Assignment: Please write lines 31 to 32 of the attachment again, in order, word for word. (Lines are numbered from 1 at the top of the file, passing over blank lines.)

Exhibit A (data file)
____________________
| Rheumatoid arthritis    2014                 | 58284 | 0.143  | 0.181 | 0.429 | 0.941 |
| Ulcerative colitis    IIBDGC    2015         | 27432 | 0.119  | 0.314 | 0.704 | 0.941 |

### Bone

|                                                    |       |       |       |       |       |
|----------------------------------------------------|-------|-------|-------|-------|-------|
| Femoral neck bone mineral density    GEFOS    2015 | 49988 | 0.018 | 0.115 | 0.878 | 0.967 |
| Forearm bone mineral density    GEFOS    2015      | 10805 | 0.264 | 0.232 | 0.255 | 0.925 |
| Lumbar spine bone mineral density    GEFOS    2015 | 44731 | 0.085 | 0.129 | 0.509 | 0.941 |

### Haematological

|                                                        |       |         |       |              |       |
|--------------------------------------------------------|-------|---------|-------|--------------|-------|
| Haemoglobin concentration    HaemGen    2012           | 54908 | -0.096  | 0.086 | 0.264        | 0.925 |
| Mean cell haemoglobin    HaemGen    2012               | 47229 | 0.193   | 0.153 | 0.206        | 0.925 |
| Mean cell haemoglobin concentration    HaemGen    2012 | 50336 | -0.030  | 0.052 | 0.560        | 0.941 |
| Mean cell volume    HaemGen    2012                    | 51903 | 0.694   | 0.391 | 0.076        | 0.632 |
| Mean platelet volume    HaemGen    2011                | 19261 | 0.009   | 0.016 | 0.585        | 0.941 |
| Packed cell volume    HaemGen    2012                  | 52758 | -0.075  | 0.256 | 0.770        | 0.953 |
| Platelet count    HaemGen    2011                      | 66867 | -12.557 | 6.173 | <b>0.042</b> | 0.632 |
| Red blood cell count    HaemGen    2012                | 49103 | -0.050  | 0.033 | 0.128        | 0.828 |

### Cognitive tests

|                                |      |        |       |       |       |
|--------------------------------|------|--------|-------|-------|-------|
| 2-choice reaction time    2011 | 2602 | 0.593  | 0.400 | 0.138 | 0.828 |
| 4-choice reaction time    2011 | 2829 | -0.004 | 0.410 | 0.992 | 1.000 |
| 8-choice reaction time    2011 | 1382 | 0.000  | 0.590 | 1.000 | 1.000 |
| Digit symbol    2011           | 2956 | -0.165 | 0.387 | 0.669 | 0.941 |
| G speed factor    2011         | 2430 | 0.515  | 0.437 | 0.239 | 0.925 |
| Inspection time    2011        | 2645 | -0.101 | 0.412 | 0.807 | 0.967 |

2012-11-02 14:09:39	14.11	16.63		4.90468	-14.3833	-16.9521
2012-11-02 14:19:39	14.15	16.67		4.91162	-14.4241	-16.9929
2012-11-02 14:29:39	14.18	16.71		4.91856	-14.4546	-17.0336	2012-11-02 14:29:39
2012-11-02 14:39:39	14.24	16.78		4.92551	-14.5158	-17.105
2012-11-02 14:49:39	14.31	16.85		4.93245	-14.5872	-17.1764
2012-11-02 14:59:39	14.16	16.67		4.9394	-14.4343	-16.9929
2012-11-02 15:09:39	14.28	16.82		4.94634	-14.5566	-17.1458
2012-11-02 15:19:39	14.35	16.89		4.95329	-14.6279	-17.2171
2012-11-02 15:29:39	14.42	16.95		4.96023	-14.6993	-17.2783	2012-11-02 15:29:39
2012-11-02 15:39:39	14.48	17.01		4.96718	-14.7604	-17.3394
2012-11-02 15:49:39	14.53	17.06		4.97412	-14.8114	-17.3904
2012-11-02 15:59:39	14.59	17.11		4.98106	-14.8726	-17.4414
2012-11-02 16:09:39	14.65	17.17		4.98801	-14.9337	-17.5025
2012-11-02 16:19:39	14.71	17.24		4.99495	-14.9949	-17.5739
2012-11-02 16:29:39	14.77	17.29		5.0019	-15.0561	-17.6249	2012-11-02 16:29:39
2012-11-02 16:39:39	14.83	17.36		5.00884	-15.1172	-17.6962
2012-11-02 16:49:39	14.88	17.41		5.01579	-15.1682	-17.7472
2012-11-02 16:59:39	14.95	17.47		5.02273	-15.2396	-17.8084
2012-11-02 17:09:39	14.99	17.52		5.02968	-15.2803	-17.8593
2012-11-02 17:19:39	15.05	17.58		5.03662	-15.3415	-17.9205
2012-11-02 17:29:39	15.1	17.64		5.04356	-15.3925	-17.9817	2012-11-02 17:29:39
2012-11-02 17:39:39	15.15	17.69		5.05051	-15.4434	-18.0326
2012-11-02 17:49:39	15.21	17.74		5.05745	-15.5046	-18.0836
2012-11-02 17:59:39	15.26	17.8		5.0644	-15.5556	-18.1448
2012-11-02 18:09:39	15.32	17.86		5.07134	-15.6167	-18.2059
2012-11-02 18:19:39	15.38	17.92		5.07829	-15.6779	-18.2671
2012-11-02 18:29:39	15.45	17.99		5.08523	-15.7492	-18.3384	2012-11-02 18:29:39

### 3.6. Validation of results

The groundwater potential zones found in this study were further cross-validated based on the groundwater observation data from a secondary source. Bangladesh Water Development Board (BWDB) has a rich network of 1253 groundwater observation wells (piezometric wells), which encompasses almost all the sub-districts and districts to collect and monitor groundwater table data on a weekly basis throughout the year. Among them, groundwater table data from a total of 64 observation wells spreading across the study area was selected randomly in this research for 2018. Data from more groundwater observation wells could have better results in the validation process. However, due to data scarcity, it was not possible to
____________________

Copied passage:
2012-11-02 14:29:39	14.18	16.71		4.91856	-14.4546	-17.0336	2012-11-02 14:29:39
2012-11-02 14:39:39	14.24	16.78		4.92551	-14.5158	-17.105